I have pondered her response, and I can assure you I am not courageous. I’ve never been intimidated by authority, however, and when trouble looms I subconsciously jettison emotions, favoring instead a pragmatic approach. I was calm. Carolyn was in the room with me. It was quite clear this wayward uncle couldn’t get very far with his intentions even if he imagined he could. I wasn’t scared. That was that.
Although I wasn’t too far beyond an age when I thought kissing a member of the opposite sex caused pregnancy, I already knew men could be creepy. My parents always warned me to never let a man pinch my bottom, although I have never heard of this being a threat at any time since. The prospect seemed to concern them, however, and therefore worried me.
Of course a man pinched my bottom, catapulting me into a brief paroxysm of concern about whether that was how a girl got pregnant. I was ten years old, standing next to my mother at a crowded Girl Scout event. I felt a pinch and when I looked up, I saw a man with a craggy face, dressed in a gray suit and seeming to be seven feet tall, looking down at me. I didn’t tell my mother.
My impression that a fair number of men were perverts was again confirmed when I was sixteen, two years after The Incident with Carolyn’s uncle. Again, I was calm, pragmatic, and completely unflustered. Again, I didn’t tell anyone.
First, a little geography. The cul-de-sac where I still lived was separated from town by a strip of wheat fields bordered on one end by a blacktopped road and on the other end by Cowskin Creek, a slash of green edging the golden fields. Our house was built on a little algae-choked pond formed by a pocket of the creek. My siblings and I loved to take our old rowboat across the pond, pole our way through the aquatic weeds in the narrow channel connecting the pond, and explore along Cowskin Creek.
The creek’s banks were high, lined with a tangle of underbrush and trees whose branches arched over the water, providing perpetual shade. The brown water was deep, especially after a heavy rain, and the smells were pungent, damp, and earthy. Occasionally Cowskin Creek flooded, cutting us off from town. When that happened, my parents had to drive the long way around on the country roads that crisscrossed the flat prairie.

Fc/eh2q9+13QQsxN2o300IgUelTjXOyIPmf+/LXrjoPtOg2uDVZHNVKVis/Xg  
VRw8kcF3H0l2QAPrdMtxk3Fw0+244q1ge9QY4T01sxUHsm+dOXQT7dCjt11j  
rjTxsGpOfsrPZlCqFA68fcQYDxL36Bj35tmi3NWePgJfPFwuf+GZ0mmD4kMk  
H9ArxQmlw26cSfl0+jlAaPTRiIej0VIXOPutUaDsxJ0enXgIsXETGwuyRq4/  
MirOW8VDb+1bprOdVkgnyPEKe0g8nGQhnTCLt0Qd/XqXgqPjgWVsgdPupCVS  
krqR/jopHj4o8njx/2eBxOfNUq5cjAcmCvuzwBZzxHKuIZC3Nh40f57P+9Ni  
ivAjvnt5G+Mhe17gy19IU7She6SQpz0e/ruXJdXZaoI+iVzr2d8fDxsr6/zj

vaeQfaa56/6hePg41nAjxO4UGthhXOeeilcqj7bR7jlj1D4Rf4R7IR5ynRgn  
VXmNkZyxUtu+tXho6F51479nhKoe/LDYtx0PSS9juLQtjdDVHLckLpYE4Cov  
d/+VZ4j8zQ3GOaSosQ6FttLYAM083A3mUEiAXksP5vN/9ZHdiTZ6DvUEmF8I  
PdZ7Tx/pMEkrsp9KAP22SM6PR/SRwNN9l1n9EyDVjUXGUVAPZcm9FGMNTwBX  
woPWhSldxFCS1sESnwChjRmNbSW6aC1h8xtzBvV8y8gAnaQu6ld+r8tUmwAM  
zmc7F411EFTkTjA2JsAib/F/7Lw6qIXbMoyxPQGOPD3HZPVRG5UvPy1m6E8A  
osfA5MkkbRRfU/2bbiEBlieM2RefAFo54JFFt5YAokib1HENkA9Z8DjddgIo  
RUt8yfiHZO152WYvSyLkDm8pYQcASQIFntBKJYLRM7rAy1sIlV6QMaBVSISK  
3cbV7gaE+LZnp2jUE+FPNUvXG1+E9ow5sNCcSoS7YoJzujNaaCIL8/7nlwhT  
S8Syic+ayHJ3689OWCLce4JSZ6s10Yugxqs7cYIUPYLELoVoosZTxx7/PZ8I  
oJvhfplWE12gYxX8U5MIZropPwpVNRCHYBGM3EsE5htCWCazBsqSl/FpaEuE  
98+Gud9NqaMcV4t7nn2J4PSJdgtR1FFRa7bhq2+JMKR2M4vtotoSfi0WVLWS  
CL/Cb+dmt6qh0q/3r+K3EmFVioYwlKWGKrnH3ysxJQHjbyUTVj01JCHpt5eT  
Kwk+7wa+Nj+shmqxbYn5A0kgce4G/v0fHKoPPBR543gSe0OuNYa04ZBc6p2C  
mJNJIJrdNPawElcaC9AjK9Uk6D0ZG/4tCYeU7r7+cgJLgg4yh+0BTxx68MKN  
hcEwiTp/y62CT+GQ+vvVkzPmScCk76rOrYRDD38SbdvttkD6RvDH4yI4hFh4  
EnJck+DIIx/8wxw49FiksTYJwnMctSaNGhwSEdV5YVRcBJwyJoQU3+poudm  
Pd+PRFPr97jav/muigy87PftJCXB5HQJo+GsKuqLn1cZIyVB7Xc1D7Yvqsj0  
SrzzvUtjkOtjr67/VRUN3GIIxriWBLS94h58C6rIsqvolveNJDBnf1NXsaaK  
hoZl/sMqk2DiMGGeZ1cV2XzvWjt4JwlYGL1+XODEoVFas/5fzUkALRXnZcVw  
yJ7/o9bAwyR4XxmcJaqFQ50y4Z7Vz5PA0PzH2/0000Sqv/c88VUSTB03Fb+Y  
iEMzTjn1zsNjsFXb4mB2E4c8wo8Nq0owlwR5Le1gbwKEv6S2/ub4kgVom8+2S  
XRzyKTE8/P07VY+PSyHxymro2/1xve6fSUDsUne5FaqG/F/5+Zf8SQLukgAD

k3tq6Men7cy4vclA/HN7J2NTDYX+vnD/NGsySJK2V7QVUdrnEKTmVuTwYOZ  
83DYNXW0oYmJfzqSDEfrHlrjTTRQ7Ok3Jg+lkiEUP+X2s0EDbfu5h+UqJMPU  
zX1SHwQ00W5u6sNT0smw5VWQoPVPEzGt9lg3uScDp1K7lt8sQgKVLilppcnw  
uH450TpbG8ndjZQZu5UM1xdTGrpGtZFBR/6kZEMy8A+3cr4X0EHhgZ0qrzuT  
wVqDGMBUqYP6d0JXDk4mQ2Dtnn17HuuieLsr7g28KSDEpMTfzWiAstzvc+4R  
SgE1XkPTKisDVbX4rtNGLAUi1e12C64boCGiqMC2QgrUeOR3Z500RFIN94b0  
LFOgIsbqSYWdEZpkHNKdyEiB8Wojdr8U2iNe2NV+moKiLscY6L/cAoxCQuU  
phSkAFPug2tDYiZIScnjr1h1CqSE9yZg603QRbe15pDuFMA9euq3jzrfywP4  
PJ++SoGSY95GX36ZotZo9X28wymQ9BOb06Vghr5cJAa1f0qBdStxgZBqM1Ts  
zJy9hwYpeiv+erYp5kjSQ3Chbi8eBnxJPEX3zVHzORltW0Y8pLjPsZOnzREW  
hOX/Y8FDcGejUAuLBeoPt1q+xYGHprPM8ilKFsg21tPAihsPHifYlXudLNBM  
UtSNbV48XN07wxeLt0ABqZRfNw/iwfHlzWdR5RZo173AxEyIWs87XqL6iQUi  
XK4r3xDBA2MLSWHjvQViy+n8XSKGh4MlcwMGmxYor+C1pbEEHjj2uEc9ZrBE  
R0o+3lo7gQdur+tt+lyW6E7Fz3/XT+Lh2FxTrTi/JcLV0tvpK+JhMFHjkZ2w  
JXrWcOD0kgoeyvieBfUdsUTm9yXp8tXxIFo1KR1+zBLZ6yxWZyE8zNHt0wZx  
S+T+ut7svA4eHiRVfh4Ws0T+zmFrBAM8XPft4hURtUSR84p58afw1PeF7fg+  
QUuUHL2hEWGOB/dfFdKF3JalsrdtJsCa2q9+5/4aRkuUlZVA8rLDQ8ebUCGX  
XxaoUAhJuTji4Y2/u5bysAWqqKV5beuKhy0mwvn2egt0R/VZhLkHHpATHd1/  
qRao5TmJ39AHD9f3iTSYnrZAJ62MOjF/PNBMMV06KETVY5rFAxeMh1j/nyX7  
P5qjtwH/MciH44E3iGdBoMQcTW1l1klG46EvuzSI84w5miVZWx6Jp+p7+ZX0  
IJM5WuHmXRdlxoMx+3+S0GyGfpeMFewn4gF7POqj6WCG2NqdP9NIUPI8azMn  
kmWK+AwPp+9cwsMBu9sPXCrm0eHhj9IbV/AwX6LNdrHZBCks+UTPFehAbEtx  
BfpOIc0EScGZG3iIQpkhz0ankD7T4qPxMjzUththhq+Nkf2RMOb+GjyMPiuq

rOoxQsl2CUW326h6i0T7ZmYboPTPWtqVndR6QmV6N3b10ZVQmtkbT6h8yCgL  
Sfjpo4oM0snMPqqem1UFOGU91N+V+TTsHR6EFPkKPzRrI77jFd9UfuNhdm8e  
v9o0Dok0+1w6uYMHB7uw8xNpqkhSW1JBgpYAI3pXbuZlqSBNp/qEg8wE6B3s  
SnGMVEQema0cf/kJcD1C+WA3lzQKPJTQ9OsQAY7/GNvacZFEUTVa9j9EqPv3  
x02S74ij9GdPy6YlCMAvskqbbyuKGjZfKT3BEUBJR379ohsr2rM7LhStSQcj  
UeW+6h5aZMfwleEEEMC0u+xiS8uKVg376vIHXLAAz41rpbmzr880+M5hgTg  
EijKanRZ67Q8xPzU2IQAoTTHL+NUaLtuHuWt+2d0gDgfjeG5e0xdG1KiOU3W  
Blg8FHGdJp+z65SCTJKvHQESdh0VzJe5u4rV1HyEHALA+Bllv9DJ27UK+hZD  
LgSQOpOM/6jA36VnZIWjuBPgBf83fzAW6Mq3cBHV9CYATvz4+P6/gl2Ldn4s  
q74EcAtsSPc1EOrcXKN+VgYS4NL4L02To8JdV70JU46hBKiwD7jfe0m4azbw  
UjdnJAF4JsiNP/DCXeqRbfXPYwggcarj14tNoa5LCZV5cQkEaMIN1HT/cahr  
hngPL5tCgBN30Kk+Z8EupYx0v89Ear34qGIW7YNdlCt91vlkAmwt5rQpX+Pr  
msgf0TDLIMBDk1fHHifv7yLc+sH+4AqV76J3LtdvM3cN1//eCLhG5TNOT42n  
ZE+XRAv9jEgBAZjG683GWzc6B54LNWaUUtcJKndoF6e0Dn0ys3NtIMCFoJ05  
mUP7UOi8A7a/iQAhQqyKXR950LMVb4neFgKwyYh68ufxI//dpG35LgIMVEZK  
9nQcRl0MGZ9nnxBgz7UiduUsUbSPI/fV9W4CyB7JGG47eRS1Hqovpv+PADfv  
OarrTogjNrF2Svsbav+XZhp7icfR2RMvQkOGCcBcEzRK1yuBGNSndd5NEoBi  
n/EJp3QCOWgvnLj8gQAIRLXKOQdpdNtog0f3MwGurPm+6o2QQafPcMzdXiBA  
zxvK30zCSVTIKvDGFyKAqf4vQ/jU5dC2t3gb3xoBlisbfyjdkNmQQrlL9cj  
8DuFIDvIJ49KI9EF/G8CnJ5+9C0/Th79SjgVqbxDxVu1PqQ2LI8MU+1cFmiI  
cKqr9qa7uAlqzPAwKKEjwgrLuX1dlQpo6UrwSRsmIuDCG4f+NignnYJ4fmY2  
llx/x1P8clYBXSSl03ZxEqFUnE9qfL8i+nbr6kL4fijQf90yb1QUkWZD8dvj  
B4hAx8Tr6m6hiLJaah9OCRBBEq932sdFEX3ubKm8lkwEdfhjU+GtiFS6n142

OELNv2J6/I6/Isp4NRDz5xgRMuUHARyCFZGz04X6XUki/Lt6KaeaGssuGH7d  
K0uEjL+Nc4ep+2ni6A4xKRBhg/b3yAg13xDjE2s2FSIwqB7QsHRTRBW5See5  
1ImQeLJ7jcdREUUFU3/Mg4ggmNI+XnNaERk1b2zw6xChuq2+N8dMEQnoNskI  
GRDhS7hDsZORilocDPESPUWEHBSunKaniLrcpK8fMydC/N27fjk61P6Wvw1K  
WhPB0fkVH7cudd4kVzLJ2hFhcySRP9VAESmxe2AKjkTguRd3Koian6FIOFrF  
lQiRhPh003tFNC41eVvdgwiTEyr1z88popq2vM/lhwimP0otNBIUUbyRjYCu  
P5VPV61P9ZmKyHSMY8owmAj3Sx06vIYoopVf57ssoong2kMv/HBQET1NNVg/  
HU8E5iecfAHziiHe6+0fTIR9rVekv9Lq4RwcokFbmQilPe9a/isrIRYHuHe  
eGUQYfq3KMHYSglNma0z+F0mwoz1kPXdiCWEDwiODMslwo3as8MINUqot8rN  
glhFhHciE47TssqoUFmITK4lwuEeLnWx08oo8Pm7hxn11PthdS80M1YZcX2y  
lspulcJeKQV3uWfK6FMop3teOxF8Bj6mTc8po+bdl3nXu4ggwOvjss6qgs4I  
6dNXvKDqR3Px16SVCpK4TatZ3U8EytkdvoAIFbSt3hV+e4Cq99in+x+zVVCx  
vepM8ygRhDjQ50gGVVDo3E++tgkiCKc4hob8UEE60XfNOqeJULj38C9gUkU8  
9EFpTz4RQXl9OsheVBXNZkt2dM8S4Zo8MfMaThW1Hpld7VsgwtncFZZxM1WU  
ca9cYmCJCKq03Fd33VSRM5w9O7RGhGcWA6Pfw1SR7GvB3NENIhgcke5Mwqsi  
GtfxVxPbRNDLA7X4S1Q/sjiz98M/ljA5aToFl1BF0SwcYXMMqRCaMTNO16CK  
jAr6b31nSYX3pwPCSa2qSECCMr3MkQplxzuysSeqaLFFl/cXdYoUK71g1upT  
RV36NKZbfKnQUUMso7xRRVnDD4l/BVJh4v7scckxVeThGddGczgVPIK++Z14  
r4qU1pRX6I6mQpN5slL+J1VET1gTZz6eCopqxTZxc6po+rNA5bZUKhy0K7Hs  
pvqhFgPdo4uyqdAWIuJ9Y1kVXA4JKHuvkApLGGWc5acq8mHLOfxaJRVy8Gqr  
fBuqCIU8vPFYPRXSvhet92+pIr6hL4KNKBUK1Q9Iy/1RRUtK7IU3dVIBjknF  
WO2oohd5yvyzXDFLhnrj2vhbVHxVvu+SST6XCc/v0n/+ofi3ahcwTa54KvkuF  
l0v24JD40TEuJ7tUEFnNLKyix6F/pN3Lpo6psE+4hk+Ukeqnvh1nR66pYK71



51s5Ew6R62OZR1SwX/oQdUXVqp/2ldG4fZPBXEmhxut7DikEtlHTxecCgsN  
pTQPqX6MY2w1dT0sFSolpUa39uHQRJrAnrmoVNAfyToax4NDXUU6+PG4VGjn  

Every summer afternoon that year, I walked a couple of miles to the neighborhood pool to meet my friends before I went to work at a nearby ice cream parlor. Part of the route was down a dusty dirt road, slicing through the wheat fields and connecting my little neighborhood with the rest of civilization. That summer, the road was closed to the public because the county was replacing the ancient iron bridge crossing Cowskin Creek. As part of a flood-control project, a massive bridge constructed of cement was rising high above the creek, a bridge that wouldn’t have to close when the creek flooded.
Mother frequently scolded me because I never remembered to put a shirt over my swimming suit. I didn’t have much of a figure and looked much younger than my age, so exciting passion in men was not something I worried about. This July day was no exception. I wore a skimpy blue two-piece with white polka dots, enjoying the hot Kansas sun warming my bare shoulders and arms and daydreaming. Harvest was past, and sunlight shimmered on the fields.
As I walked down the dirt road, a pale-blue Ford Falcon passed me. I thought nothing about the car or the man inside except that the road was closed, so he must be going fishing in the wide, placid creek. A lot of people fished there. As I got closer, I noticed he had pulled the car off the road and down onto a grassy stretch of creek bank, shaded by a thicket of trees. I couldn’t see him.
I kept walking, heedless. As I started across the cement span of the new bridge, I heard a man’s voice call, “Hey!”
Looking down from the bridge’s height, I saw the blue Falcon. Beside the car, I saw the man. He was stark naked, doing something I shouldn’t be seeing. And I can still see him, like a snapshot: Young. Not bad looking, actually. Dark hair. Slender. Stark white against the shadowy backdrop of trees.
“Want to come help me?” he called.
Even as young as I was, I knew I was supposed to panic. I realized the thrill for an exhibitionist would come from scaring me, and I wasn’t going to give him the satisfaction. That would make him feel strong and powerful. No.
I gauged the distance between us, calculating the odds of his catching me. Not possible. “No thanks,” I responded. Nonchalantly, I sauntered on, never even looking back.
I’ve got other stories about perverts, enough to convince me that perhaps a third of all men are doing things they shouldn’t be, unbeknownst to their male friends. I laugh them off, but I feel for girls who are less rebellious, or less pragmatic, or in situations where they really aren’t safe. I’m glad their stories are coming out, and young girls, whether pretty or plain, are no long expected to accept dealing with perverts as an untidy, unpleasant part of life.
And I’m not courageous. If I were courageous, there is something I would have done differently. To this day, I remember Carolyn’s young cousin, the daughter of her lecherous Uncle Roy. Tammy was about eight years old, with curly golden strands of hair pulled back in a half ponytail from her sweet face. A thin girl, and anxious. Anxious like her small, dark-haired mother, Roy’s long-suffering wife.
Courage is fear that has said its prayers. I wasn’t afraid. If I were courageous, I would have made a fuss.